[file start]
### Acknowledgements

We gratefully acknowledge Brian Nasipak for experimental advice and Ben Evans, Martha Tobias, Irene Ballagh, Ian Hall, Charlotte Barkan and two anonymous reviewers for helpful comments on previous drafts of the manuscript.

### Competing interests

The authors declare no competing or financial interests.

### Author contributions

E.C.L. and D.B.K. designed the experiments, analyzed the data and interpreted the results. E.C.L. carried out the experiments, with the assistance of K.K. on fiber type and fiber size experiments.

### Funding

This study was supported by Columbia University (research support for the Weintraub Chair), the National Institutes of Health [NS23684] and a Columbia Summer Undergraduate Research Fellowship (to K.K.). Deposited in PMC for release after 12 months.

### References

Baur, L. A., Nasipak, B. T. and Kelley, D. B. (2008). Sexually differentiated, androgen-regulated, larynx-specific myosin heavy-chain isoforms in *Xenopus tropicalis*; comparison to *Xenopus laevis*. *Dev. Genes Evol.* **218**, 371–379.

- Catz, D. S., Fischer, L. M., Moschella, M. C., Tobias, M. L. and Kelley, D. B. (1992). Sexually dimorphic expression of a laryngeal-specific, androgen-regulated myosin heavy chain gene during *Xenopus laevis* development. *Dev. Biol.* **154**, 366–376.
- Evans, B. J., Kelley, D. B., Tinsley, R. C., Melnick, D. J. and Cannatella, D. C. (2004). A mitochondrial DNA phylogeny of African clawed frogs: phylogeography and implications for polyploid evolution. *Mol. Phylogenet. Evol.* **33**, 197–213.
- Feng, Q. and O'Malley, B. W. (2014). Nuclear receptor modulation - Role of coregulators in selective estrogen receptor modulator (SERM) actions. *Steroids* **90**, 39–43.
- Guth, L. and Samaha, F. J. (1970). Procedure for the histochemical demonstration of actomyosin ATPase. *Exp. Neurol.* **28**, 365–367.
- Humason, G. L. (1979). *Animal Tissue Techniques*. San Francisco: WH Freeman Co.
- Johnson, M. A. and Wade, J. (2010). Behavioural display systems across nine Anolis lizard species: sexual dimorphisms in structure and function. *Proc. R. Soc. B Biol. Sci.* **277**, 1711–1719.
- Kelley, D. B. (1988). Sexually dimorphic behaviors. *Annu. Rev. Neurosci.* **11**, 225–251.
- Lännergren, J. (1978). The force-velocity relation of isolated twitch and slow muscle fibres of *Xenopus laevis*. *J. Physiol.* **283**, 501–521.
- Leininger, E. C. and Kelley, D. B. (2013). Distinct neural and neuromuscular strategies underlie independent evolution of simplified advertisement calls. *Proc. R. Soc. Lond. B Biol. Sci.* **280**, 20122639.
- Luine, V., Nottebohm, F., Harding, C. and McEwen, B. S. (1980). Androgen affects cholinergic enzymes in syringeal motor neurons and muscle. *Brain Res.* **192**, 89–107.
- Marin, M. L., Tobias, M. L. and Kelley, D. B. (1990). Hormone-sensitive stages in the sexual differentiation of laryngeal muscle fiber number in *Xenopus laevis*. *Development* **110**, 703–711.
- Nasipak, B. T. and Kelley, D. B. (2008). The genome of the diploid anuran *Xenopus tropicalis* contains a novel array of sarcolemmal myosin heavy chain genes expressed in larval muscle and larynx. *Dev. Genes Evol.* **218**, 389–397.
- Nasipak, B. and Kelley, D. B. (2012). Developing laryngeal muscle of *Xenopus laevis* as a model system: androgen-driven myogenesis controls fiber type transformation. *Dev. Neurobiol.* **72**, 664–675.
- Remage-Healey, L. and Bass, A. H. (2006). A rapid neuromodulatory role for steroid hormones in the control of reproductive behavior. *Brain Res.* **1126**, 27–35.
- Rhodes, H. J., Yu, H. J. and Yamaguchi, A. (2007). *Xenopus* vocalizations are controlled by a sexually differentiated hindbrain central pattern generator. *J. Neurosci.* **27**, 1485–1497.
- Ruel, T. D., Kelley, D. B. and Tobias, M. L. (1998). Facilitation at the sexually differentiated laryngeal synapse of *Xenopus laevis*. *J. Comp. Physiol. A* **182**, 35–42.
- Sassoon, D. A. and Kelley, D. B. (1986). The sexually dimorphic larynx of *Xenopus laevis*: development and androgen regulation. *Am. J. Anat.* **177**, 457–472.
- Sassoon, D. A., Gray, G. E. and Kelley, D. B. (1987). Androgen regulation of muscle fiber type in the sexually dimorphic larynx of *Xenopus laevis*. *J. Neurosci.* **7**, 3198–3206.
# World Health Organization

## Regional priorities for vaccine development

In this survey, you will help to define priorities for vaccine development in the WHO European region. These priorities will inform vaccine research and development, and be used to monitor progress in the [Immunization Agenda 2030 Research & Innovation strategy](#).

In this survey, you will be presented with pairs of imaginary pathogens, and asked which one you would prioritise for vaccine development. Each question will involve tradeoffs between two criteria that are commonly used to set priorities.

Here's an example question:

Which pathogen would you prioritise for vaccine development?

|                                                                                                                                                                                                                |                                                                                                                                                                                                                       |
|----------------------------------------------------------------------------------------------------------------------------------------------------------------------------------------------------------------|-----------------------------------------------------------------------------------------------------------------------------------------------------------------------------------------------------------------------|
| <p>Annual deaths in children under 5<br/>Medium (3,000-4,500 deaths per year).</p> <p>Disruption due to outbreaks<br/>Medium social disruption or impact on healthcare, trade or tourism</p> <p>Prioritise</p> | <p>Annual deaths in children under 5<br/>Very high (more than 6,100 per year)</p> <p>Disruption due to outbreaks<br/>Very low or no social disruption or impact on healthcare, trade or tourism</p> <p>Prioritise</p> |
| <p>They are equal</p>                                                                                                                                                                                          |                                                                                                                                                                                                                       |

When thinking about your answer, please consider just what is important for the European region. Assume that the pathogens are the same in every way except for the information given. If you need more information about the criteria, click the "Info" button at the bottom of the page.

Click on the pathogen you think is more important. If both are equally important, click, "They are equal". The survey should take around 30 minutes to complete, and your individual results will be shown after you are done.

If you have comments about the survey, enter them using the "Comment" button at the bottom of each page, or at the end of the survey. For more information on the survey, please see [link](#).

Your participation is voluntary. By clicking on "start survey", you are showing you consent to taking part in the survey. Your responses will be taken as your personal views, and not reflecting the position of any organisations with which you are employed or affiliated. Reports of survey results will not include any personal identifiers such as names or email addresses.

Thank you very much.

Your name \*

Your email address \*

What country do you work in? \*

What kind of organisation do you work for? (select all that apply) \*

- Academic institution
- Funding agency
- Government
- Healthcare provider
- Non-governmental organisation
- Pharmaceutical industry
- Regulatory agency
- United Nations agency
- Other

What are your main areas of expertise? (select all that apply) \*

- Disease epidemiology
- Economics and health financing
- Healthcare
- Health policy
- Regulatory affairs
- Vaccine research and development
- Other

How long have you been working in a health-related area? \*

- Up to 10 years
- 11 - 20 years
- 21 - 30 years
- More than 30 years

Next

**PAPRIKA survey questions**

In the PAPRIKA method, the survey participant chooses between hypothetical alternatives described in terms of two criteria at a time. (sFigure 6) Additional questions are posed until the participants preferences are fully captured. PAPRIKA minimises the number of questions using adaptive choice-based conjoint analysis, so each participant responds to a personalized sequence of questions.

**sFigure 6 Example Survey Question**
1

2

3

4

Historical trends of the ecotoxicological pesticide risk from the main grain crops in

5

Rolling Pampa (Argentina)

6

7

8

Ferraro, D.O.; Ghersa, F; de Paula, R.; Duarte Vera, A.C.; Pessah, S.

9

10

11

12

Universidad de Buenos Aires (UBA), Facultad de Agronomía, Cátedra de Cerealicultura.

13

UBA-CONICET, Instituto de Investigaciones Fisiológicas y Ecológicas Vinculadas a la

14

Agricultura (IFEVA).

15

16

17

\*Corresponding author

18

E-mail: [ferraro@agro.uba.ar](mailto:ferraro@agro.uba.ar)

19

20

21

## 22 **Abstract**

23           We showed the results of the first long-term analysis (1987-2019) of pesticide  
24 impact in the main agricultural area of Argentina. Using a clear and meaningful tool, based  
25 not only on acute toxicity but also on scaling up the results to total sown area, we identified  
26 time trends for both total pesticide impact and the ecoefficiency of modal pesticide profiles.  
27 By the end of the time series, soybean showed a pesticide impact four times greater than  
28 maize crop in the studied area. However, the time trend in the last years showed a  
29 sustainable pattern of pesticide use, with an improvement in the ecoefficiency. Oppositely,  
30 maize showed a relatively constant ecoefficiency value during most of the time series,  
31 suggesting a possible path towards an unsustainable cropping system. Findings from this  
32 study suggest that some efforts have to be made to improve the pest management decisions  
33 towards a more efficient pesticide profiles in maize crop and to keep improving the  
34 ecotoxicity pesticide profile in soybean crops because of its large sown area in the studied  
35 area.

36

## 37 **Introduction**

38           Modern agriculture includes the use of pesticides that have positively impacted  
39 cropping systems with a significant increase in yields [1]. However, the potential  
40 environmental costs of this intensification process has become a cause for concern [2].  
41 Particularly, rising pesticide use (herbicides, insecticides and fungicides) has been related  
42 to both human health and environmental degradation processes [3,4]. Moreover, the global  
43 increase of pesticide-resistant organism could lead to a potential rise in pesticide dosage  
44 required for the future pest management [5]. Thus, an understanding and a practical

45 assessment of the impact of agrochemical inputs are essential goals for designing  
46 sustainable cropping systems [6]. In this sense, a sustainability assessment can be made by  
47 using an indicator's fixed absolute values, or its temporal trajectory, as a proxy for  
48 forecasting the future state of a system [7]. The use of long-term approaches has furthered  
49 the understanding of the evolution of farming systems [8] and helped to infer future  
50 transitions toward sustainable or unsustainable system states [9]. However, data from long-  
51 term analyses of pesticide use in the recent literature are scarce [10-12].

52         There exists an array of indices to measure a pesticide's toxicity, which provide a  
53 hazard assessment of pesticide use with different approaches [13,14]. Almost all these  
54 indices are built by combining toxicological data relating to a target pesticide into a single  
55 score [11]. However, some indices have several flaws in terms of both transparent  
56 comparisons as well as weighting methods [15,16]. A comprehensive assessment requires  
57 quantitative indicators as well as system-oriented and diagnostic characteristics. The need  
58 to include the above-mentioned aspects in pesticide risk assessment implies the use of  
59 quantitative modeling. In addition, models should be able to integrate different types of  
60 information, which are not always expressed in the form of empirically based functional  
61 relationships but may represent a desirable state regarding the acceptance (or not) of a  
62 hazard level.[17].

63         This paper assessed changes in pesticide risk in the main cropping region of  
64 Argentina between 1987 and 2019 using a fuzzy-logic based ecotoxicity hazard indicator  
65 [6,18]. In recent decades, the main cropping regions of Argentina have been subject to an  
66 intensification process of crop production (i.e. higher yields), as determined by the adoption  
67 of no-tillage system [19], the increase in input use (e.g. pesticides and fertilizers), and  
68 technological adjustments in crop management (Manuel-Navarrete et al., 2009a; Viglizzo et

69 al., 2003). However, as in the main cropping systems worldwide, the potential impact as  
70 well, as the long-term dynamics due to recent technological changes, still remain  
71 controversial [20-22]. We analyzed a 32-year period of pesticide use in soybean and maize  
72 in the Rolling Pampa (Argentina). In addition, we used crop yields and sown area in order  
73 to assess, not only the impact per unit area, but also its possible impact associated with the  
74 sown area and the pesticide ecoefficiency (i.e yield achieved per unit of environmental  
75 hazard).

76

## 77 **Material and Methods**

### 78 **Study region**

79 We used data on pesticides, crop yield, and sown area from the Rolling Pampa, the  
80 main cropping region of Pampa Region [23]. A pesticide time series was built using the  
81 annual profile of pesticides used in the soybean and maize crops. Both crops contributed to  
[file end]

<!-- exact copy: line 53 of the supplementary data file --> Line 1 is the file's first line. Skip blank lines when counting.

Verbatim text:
- Pharmaceutical industry